Over the years, the movement towards sustainable living has gained traction. Traditional news outlets and social media have also helped to drive awareness. But we are also increasingly coming to see and feel the effects of poorly managed environmental practices in our lives.
When you feel that each summer is becoming hotter than the one before, you don’t need to see images of melting Antarctic icebergs to know that the climate is changing. Along with that, extreme weather is becoming a more frequent occurrence. Record wildfires each year are another indicator of climate change.
These things aren’t happening in some distant region in one of the world’s less-developed countries. They are manifesting right here in America, affecting our fellow citizens. And all of them can be traced to our collective failure to manage carbon emissions.
A big and complicated picture
Carbon emissions, of course, are only one aspect of overall sustainability. Broadly speaking, sustainability refers to any resource consumption.
It could be the cutting down of trees, or harvesting fishes from the ocean, both of which are renewable. Or it could be applied to the extraction of fossil fuels or rare earth elements, which are not being renewed on a timescale that’s compatible with the human lifespan.
Sustainability also considers the impact of consumption in terms of waste products. Thus, even though there might still be a lot of oil left to extract from the earth, people are justifiably concerned about the dangers of emissions. In fact, every human activity has left an indelible impact on nature, leaving no place untouched on the earth.
Stop passing the blame
Despite being highly aware of the problem and its causes, many people remain reluctant to take effective action towards greater sustainability in their lives. Some feel that the developing world, with its massive population, has to shoulder a larger share of the burden.
Certainly, as the likes of China and Brazil begin to grow in affluence, their large populations will also exert considerable pressure on global resources. But countries like Kenya, which have a rapidly growing population, don’t consume as much as those in the developed world.
Overall, the citizens of affluent nations have a per capita consumption factor of 32 compared to the rest of the world. This means that one person from a country like the US, for instance, consumes resources at a rate equivalent to 32 people from a developing country.
Awareness works both ways. People who live in less affluent countries realize that there is a large gap in terms of global economic inequality. They will continue to aspire to higher standards of living. They aren’t likely to respond if rich nations suddenly demand that they operate sustainably, without first leading the way themselves.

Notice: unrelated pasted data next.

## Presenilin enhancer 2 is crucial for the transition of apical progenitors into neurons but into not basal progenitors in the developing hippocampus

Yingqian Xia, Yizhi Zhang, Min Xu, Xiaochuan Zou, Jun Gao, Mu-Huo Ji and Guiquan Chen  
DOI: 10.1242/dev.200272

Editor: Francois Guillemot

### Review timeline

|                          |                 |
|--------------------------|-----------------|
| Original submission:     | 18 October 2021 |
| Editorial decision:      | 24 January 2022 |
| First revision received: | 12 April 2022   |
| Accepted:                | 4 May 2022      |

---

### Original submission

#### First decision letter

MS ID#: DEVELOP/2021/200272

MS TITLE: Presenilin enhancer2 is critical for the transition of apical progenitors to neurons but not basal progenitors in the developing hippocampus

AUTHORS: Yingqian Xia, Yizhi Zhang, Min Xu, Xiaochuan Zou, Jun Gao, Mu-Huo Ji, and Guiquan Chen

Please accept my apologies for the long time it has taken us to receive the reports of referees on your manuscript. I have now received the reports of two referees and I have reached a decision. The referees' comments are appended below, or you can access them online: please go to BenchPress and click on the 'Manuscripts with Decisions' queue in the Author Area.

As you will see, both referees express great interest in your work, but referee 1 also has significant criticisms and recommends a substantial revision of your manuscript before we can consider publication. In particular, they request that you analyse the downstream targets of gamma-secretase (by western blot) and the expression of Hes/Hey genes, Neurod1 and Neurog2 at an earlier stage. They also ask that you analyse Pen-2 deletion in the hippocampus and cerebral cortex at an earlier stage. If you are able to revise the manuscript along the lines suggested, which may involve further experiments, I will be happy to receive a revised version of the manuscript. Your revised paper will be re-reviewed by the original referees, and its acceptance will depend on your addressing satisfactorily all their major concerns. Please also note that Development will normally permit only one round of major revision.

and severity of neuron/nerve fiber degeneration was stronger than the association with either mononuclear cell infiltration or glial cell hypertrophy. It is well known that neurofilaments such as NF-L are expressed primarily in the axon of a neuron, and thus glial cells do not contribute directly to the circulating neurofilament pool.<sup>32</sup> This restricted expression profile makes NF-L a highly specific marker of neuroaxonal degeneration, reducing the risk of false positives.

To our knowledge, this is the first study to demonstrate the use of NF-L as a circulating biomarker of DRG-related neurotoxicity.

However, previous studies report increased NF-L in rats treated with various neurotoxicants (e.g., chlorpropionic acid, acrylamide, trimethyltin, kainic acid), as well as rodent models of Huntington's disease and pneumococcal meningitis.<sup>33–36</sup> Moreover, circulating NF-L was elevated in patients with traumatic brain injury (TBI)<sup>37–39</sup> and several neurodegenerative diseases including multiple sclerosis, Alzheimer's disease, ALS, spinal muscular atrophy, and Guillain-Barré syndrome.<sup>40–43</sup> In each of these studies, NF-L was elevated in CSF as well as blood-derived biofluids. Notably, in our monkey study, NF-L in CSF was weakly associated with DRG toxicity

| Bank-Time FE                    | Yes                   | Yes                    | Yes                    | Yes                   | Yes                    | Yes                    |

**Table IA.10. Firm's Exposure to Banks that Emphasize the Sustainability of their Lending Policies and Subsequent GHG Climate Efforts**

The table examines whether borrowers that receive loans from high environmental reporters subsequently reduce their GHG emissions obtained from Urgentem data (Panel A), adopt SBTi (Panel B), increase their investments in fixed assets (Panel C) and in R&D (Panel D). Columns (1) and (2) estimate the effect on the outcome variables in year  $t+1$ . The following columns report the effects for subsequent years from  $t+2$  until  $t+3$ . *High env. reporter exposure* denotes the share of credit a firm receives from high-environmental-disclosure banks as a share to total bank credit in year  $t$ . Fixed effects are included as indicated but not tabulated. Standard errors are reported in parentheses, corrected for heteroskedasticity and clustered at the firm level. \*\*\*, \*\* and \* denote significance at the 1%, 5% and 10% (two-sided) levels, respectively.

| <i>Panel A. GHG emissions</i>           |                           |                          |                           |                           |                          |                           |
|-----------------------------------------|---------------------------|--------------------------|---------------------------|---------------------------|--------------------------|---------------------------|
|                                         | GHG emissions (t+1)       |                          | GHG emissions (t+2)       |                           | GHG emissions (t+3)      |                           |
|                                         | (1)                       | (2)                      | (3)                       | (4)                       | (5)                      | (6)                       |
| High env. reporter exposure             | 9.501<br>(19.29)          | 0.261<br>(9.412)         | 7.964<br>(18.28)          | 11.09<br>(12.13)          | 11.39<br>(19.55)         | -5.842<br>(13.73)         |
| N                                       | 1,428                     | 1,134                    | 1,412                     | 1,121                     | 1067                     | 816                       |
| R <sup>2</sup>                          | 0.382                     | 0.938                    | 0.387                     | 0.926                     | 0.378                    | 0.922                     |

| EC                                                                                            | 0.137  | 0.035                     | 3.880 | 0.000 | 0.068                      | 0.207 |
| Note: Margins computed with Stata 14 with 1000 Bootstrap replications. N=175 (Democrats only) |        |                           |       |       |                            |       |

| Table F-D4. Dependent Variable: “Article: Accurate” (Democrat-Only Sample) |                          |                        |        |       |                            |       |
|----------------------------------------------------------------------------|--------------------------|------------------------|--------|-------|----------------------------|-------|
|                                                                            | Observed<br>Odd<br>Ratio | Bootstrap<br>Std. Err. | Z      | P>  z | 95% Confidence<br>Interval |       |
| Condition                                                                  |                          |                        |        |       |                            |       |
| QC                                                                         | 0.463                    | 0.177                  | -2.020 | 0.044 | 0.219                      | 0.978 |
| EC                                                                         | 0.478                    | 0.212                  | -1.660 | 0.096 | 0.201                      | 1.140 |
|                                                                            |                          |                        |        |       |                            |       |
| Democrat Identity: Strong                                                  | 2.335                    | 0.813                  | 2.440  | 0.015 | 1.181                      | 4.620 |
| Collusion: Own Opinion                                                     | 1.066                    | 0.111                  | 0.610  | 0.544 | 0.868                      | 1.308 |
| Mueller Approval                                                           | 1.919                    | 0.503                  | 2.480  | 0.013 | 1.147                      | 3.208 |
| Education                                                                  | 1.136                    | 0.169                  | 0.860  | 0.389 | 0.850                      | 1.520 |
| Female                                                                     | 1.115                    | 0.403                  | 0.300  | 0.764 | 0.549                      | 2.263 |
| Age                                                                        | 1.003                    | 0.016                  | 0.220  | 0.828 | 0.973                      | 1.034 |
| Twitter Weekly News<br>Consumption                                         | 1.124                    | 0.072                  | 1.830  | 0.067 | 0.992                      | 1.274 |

Taking action at scale
Thus, we can’t be sincere in our efforts to live more sustainably if we are interested in passing the blame onto someone else. Whether they are our neighbors or people halfway across the world, it’s a shared problem. Simultaneously, people whose lifestyles invoke a higher than average level of resource consumption must take correspondingly greater action.
One way in which the affluent can make a difference is through net-zero housing. These homes offset all the energy consumption involved. This is achieved using many principles in concert. It requires passive solar design, window replacement with energy-efficient versions, and sourcing local materials such as stone or cement for construction needs.
Net-zero homes must also dispose of wastes and generate energy. That means installing a combination of solar panels and wind turbines on the roof while using geothermal energy for heating and cooling. Gray water recovery is also used to minimize waste further.
Behaviors everyone can change
There are other behaviors in which ordinary people engage without realizing their continued negative impact on sustainability. And that includes those who aren’t wealthy enough to afford their own homes.
Driving a car, for instance, can be convenient as well as a symbol of independence. But people can cut down considerably on carbon emissions if they take public transportation or walk or bike on shorter trips.
While limiting overall energy consumption definitely helps, our usage patterns can also be shifted to reduce our impact. Many power companies let renewable energy sources, such as wind, hydroelectric, and solar, ‘go first.’ But their overall capacity can’t sustain an entire grid at peak hours, which means tapping less clean sources of energy. Using less energy during these times is a smart way to save on costs while helping the environment.
Sustainability is a global concern. Everybody has to take some form of action. And while we aren’t accustomed to scaling down our lifestyles, the truth is probably that there’s still a lot more we can do to help out.
Meta title: In the Movement Toward Sustainable Living, We Can Never Settle
Meta description: If you’ve ever wondered whether you’re doing enough to help drive sustainability, the answer is most likely no.